How can epigenetic changes cause disease?
The way the genome is packaged into chromatin in eukaryotic cells provides the means of organizing and regulating access to the underlying genomic information. Simon Elsässers research at SciLifeLab focuses on applying new synthetic and chemical biology methods to understand chromatin structure and function.
Simon develops tools to engineer proteins in living cells based on genetic code expansion and unnatural amino acid mutagenesis. This research will help to understand how aberrant epigenetic changes cause disease, for example how tumor suppressor genes – important guardians of the genome – are switched off to promote cancer. It will provide molecular level information for developing therapeutic strategies to correct such epigenetic mistakes.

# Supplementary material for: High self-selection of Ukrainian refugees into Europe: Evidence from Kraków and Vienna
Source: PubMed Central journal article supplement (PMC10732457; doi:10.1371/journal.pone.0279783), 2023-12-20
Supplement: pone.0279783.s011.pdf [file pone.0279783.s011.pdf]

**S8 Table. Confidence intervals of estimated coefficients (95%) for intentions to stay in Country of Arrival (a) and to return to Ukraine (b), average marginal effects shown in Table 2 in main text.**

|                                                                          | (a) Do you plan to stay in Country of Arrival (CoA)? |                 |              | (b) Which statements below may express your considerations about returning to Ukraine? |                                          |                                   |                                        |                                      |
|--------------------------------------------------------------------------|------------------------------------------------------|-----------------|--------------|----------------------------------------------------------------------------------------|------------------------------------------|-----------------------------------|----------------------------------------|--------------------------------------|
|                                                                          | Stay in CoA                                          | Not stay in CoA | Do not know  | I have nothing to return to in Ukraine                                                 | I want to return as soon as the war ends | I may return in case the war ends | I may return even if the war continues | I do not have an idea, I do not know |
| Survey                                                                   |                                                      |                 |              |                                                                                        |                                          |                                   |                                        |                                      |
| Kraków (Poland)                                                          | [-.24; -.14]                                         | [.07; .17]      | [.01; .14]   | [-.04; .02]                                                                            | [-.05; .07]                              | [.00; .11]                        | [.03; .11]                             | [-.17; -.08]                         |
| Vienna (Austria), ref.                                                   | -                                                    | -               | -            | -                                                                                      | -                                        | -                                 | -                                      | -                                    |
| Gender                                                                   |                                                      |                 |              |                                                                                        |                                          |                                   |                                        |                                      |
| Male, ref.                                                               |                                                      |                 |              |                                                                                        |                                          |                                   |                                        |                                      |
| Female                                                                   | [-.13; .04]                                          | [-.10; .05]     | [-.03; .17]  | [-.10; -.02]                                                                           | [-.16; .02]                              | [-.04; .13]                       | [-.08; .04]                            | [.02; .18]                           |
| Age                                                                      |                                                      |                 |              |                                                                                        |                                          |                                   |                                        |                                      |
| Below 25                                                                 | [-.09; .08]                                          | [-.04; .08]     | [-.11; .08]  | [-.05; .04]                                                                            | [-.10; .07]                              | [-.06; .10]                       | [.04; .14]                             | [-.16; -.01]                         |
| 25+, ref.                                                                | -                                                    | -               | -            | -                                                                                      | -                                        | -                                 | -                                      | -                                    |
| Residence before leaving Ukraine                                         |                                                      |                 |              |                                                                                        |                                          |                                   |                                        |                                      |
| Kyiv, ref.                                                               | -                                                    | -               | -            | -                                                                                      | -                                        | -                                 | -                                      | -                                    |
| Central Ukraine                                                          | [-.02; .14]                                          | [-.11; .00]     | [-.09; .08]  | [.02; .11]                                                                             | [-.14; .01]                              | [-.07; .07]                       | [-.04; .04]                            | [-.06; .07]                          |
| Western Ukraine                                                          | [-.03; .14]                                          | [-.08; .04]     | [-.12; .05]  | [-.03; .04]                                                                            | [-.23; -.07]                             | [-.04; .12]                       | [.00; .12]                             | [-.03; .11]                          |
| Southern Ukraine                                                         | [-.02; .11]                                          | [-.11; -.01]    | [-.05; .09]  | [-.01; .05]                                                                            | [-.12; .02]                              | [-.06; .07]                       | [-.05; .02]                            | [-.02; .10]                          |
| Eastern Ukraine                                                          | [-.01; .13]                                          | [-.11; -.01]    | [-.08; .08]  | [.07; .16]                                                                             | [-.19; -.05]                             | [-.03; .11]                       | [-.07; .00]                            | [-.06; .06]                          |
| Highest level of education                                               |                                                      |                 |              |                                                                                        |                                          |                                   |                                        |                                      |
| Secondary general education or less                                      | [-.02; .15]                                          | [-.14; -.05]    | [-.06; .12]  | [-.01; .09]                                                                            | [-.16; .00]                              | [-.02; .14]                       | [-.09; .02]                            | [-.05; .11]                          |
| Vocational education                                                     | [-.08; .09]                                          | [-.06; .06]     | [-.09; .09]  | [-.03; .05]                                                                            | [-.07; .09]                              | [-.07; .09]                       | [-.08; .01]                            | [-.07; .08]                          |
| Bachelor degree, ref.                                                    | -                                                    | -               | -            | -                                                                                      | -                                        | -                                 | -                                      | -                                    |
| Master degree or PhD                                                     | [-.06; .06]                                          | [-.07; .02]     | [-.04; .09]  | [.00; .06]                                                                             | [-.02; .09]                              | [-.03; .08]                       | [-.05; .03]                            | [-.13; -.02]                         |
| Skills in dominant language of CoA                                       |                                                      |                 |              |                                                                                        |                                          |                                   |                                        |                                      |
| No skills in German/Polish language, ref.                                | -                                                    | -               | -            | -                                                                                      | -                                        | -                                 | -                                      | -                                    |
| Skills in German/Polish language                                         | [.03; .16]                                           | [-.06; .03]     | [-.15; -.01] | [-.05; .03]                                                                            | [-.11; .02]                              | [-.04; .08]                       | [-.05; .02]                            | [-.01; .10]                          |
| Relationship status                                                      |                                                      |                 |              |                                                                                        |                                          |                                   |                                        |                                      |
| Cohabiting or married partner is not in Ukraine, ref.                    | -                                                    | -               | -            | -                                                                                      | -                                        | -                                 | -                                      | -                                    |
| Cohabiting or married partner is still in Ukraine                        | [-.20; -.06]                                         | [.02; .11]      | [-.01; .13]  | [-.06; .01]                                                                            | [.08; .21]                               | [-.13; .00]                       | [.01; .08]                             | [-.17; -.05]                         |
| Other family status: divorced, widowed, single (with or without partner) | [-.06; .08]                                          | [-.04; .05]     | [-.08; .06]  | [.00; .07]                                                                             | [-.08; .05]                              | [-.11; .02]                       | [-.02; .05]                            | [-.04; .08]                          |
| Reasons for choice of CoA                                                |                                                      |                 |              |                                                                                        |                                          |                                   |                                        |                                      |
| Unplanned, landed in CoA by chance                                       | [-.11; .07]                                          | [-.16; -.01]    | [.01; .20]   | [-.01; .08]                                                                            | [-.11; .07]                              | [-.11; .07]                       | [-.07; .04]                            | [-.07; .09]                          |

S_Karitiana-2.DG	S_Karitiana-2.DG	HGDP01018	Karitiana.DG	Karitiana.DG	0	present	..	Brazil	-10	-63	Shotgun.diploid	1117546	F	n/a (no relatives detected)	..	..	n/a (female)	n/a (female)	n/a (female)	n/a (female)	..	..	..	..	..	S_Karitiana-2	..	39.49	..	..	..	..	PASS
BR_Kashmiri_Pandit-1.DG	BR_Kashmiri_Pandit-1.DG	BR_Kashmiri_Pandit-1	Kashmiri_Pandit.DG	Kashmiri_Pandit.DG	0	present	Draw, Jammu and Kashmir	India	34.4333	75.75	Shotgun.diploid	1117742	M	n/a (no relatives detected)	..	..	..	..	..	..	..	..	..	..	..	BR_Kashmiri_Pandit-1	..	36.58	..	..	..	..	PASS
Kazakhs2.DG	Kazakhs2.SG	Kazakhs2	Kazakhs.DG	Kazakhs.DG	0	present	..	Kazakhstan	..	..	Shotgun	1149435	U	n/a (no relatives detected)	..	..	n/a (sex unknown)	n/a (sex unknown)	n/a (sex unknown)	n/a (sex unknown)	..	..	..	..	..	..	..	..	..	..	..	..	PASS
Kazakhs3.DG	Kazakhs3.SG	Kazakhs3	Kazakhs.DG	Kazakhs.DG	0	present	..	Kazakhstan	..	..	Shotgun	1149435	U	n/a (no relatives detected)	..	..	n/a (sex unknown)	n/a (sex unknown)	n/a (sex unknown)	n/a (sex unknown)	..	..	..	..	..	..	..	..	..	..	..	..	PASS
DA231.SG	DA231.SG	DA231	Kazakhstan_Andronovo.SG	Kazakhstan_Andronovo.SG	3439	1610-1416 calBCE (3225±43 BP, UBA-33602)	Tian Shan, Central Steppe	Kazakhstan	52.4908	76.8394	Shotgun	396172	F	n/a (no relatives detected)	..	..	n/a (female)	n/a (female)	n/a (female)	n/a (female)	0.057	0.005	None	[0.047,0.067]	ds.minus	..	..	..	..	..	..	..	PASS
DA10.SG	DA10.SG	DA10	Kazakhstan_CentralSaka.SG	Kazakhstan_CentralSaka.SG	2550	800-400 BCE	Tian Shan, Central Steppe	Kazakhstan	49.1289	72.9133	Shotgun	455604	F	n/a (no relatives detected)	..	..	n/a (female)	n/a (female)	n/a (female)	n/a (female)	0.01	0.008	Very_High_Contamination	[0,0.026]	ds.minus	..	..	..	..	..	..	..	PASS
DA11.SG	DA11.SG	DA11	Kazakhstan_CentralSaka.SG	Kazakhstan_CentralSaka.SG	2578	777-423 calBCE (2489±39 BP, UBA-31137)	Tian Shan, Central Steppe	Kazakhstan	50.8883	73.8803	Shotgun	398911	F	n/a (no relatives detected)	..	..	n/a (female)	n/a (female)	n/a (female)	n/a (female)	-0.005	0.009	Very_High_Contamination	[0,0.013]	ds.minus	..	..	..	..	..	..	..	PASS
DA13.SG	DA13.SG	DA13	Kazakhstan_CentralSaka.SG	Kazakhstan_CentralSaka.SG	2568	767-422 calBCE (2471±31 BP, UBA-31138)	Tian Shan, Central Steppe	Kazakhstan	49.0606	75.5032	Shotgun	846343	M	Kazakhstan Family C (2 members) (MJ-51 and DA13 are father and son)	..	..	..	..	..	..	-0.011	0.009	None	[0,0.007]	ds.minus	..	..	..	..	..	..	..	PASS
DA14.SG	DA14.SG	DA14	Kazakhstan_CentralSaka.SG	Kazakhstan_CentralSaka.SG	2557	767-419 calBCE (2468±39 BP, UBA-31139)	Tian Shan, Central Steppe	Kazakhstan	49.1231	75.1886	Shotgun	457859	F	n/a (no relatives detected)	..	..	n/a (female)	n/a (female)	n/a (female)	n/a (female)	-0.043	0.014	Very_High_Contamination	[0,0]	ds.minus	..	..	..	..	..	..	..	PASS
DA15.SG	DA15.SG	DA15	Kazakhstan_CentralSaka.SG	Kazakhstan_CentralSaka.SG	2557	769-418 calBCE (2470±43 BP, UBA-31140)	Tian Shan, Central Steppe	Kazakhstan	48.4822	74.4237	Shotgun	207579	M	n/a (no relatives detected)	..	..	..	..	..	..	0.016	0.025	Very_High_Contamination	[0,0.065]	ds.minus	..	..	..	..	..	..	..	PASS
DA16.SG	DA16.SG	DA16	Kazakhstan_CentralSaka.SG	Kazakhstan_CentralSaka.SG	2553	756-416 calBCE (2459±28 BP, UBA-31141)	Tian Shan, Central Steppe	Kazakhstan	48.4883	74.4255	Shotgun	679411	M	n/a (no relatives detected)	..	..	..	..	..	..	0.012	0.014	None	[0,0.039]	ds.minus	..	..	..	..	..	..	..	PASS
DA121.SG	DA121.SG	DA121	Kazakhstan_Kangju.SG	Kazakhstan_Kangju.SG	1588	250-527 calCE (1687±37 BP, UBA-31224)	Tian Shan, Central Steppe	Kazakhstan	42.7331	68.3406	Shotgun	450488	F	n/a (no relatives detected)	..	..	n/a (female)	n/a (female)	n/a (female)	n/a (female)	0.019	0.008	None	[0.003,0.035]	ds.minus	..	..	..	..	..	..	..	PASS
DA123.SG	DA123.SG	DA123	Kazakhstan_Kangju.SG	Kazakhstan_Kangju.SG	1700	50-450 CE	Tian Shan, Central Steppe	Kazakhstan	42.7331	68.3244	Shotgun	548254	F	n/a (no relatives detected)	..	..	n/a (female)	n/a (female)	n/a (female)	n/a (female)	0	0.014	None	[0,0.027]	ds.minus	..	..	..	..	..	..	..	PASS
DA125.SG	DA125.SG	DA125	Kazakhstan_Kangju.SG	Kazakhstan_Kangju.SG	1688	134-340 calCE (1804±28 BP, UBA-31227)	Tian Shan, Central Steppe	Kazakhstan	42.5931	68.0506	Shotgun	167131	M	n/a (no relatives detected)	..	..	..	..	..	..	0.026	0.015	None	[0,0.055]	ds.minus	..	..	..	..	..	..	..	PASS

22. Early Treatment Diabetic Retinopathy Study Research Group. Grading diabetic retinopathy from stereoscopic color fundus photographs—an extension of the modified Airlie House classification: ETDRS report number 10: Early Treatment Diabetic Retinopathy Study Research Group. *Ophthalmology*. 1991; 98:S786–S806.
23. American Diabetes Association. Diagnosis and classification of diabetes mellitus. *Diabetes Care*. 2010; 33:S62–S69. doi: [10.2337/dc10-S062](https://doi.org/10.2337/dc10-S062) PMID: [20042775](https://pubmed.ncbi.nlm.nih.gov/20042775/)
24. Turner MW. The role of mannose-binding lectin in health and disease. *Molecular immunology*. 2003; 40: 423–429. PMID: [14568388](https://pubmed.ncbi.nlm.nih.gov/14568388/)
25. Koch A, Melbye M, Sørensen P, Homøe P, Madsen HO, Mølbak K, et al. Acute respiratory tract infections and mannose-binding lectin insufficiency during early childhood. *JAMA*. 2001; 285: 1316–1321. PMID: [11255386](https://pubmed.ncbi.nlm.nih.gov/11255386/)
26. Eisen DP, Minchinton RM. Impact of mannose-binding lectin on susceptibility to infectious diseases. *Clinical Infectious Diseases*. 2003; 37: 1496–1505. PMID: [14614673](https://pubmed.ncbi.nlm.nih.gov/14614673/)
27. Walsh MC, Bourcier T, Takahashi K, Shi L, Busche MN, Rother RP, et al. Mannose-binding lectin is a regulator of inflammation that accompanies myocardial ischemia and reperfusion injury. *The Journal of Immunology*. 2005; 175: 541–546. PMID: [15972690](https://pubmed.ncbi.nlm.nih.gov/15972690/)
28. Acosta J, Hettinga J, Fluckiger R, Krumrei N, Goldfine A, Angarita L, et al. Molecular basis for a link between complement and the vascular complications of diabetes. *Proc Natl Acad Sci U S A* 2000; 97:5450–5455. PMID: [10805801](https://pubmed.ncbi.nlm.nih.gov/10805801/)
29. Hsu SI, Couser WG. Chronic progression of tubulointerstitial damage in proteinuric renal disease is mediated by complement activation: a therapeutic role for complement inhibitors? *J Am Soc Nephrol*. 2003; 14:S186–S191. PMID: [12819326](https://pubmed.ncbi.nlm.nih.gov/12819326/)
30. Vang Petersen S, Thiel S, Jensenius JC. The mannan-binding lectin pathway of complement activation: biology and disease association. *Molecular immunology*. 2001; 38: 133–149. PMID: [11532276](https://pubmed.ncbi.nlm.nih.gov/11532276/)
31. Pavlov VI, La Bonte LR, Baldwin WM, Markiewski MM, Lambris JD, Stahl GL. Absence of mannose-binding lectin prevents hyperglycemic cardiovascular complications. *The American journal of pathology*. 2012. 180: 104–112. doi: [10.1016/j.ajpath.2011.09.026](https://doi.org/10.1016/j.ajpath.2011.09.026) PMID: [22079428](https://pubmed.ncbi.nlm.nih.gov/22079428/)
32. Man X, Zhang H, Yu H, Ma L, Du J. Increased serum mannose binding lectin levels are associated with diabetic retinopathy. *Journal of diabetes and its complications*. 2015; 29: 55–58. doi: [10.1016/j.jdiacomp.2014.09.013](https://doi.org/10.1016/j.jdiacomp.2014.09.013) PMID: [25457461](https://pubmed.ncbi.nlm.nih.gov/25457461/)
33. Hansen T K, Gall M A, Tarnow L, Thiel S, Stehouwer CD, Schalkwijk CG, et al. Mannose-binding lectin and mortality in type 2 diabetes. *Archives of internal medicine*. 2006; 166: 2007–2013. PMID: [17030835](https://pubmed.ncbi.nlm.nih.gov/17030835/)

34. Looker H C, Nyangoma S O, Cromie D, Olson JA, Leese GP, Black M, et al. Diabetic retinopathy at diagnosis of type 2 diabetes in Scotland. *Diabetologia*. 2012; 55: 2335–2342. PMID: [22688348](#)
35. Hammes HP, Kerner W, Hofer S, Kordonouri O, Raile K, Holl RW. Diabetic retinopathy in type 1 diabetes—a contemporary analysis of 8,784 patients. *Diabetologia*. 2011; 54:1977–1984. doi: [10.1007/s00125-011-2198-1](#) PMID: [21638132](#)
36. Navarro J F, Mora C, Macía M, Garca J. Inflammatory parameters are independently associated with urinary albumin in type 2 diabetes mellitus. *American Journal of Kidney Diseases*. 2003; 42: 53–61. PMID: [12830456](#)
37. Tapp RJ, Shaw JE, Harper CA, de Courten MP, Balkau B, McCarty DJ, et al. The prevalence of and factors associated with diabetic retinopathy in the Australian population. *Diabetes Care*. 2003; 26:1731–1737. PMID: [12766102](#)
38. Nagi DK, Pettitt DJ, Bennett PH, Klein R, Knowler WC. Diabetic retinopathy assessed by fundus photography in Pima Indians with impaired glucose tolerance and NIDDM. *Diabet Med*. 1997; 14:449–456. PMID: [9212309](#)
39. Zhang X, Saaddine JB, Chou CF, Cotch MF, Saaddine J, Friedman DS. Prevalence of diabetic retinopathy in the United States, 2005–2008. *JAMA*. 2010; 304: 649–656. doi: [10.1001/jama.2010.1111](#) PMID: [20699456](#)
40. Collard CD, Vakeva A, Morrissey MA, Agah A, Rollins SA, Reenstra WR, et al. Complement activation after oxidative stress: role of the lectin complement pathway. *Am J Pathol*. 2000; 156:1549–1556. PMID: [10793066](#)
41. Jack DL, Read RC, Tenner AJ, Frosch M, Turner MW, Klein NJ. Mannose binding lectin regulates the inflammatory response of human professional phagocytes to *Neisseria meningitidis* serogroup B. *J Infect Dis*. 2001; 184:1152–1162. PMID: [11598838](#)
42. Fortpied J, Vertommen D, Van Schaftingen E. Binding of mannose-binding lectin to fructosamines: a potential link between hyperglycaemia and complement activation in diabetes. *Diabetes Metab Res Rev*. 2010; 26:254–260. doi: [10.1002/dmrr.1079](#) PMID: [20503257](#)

“I applied to the SciLifeLab fellows program since I was attracted by the ambitious program to concentrate cutting edge research infrastructure and young scientists in a joint institute“, said Simon Elsässer.
What you didn’t know about Simon Elsässer: “Living in New York has turned me into a fairly competitive runner. The marathon is one of the biggest events in the city and many go from cheering to participating. By now I have run four more and I am aiming to break the 3 hours next time.”